SHORTCHANGED

For years now, the Human Development Corp. has taken in millions of tax dollars to provide Head Start services for 2,500 of the city's low-income children. It has never come close. And the problems just begin there.

Funded by federal money, Head Start has always been administered by local nonprofit agencies, and over time, as other War on Poverty programs have withered away, Head Start, for the most part, has thrived. Former President George Bush boosted federal funding for Head Start, as did President Bill Clinton. Since its inception, Head Start has served more than 16 million children; about $4 billion is now spent to serve nearly 800,000 children each year, including 15,000 in Missouri. Nevertheless, federal estimates show the program is serving only two out of every five eligible children.The HHS's Administration for Children and Families, which oversees the local grants nationwide, has become increasingly aggressive about terminating local contracts with nonprofit agencies that fail to meet goals. Of 1,500 local providers in the country, like HDC, 100 have lost their grant money since 1994.For HDC, a private nonprofit agency that administers Head Start in the city of St. Louis, the program brought $11.6 million in federal dollars last year.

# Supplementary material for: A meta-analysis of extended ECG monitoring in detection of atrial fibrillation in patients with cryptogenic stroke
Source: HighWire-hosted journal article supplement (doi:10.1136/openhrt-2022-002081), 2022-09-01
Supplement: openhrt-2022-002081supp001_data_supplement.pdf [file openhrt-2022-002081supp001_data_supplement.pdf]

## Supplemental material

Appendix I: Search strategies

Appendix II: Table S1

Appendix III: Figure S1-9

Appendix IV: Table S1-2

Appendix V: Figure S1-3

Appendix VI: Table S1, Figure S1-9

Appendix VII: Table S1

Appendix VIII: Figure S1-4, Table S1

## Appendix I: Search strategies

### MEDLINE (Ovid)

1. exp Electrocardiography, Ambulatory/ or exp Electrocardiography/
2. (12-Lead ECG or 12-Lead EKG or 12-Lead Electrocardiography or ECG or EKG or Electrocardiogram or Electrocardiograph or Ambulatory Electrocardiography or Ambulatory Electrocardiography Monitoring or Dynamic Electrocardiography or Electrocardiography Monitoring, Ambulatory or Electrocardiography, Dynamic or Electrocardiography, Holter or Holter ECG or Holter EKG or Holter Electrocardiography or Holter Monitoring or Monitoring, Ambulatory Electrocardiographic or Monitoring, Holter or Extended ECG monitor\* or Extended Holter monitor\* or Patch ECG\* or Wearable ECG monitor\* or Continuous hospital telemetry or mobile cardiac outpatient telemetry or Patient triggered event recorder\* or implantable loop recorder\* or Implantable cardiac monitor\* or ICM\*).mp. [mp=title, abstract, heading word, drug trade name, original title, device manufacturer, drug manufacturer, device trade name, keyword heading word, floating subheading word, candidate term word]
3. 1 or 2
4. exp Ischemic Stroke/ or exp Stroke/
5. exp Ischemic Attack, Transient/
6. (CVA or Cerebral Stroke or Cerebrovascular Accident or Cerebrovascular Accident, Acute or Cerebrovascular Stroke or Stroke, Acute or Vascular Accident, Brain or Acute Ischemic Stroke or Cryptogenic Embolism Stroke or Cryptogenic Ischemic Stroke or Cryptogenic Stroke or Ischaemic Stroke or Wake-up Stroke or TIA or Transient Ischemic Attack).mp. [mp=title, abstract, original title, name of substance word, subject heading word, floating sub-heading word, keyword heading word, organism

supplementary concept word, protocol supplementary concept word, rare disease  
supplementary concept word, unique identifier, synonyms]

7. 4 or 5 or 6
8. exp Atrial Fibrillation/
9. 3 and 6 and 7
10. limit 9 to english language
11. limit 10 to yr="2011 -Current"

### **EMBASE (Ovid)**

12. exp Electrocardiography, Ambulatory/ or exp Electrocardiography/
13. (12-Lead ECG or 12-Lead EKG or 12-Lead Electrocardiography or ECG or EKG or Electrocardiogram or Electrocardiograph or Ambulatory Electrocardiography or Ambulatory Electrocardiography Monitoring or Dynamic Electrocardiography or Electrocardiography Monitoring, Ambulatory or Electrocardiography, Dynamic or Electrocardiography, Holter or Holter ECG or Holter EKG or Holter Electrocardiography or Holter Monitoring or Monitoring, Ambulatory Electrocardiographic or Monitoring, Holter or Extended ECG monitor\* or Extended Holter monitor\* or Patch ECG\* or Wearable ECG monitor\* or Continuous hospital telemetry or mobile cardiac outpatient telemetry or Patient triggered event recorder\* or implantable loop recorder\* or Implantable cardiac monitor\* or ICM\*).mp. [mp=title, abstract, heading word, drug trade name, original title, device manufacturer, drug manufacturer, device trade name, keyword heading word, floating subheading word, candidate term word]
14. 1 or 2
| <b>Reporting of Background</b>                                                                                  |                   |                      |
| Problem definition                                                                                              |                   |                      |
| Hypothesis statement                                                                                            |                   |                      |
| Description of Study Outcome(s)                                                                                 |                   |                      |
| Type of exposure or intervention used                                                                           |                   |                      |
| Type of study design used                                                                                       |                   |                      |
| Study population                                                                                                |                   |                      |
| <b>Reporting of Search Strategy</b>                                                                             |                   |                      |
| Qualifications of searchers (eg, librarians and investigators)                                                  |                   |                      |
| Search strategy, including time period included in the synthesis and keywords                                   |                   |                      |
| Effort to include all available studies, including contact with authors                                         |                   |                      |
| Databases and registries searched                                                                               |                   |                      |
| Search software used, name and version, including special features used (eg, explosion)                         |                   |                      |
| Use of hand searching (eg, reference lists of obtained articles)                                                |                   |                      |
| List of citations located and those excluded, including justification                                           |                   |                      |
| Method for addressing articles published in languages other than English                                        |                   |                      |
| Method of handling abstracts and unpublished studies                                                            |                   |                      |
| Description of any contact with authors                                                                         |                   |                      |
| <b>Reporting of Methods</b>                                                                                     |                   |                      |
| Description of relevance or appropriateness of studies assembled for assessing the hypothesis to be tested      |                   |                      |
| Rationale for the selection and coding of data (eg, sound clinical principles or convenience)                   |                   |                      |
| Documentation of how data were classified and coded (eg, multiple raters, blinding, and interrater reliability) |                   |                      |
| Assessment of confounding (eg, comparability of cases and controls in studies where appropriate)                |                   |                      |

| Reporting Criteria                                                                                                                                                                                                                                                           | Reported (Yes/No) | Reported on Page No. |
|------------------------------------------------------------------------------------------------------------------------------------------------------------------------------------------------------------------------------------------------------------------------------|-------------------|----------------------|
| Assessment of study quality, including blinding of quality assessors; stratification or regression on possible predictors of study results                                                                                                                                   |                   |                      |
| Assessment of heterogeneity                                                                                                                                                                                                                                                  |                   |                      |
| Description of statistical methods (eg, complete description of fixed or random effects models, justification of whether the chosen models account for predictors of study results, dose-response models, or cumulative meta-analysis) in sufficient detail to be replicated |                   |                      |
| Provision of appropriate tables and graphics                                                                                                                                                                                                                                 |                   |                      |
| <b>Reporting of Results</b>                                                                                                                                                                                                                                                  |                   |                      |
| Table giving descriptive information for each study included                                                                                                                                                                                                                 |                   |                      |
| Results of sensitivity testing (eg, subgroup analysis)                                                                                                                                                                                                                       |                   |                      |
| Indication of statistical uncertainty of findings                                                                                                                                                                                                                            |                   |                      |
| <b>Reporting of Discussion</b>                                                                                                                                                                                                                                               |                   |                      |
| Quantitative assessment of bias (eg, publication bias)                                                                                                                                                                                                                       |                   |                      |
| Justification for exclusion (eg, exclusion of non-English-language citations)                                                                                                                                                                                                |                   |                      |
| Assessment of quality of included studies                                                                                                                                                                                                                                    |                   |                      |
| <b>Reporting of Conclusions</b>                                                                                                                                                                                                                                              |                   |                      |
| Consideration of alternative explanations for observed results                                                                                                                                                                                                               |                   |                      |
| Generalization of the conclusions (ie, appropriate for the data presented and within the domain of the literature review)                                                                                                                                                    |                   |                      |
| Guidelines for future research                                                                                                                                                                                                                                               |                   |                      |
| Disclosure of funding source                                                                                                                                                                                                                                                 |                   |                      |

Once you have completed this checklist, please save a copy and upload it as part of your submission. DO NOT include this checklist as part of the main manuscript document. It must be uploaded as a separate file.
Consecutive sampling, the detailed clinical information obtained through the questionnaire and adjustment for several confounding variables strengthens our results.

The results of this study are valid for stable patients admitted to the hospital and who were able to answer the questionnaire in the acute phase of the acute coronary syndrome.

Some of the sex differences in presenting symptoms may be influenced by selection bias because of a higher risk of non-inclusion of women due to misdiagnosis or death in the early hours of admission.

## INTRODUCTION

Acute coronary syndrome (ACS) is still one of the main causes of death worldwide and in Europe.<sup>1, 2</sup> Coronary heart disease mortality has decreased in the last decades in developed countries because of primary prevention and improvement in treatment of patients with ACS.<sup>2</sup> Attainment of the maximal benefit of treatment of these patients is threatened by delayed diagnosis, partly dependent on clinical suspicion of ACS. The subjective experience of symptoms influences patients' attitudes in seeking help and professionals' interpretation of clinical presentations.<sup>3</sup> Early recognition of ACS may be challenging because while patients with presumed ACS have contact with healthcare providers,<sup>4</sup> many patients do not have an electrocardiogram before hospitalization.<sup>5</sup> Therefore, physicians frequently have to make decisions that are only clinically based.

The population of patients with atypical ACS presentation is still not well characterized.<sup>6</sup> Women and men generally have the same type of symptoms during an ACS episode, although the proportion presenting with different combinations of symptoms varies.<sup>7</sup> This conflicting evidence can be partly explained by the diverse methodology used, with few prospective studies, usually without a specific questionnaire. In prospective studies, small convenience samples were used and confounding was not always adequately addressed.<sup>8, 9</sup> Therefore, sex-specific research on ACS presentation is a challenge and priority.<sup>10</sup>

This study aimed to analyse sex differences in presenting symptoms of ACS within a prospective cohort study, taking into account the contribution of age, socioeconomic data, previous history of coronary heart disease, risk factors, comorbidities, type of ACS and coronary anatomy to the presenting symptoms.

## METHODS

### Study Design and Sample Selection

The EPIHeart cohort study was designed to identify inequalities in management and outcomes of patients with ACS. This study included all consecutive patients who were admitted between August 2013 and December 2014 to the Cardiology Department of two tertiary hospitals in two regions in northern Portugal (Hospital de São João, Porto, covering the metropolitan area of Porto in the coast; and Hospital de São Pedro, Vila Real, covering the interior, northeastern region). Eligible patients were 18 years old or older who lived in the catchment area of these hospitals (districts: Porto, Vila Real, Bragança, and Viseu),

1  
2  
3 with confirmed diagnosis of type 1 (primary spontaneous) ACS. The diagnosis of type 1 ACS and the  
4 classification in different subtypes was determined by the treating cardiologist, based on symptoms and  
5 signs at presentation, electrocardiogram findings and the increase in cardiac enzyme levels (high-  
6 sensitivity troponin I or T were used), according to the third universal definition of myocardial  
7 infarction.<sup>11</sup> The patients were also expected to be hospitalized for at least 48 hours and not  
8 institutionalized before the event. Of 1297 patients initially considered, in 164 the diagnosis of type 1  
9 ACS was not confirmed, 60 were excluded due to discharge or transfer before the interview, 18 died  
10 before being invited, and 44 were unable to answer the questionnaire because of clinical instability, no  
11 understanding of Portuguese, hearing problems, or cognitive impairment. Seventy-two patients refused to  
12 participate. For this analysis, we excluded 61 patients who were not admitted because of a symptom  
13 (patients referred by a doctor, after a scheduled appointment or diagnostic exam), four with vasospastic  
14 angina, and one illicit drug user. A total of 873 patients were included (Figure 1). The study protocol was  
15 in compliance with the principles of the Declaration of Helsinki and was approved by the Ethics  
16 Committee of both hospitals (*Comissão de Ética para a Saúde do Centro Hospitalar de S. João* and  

HDC's most recent problems began with a visit to the agency's headquarters by an HHS team in April 1997 as part of its regularly scheduled three-year performance review. HDC received enough funding to serve 2,519 children at the 63 Head Start centers in St. Louis -- 23 of which are operated by the Archdiocese of St. Louis through a contract with HDC.

The list of problems the team found during its 1997 visit were extensive.

The abandoned HDC-run Head Start classroom at Wesley House.
Jennifer Silverberg
The abandoned HDC-run Head Start classroom at Wesley House.
Ruth A. Smith, HDC executive director: "I didn’t want this job, to tell you the truth."
Ruth A. Smith, HDC executive director: "I didn’t want this job, to tell you the truth."

First were the low number of children enrolled in the program and the low attendance rates of those children. Given that HHS knows it is reaching only 40 percent of the children eligible nationally, the federal agency is understandably adamant about ensuring that tax dollars are not being wasted by slots that remain unfilled. At the time of the review, HDC's total enrollment was short by 23 percent, with fewer than 2,000 children enrolled. The agency was supposed to keep a waiting list of applications for children above the 2,500 level -- but its list contained the names of children too young for the Head Start program.

Of those children who were enrolled in the program, many were not attending regularly. In 1996, the attendance rate was 68 percent; in 1997, it was 60 percent. Federal regulations require that Head Start providers ensure an 85 percent attendance rate. When attendance falls below that rate, teachers are supposed to contact parents and provide support services, particularly when a child has four or more consecutive unexcused absences. HDC was failing to do so.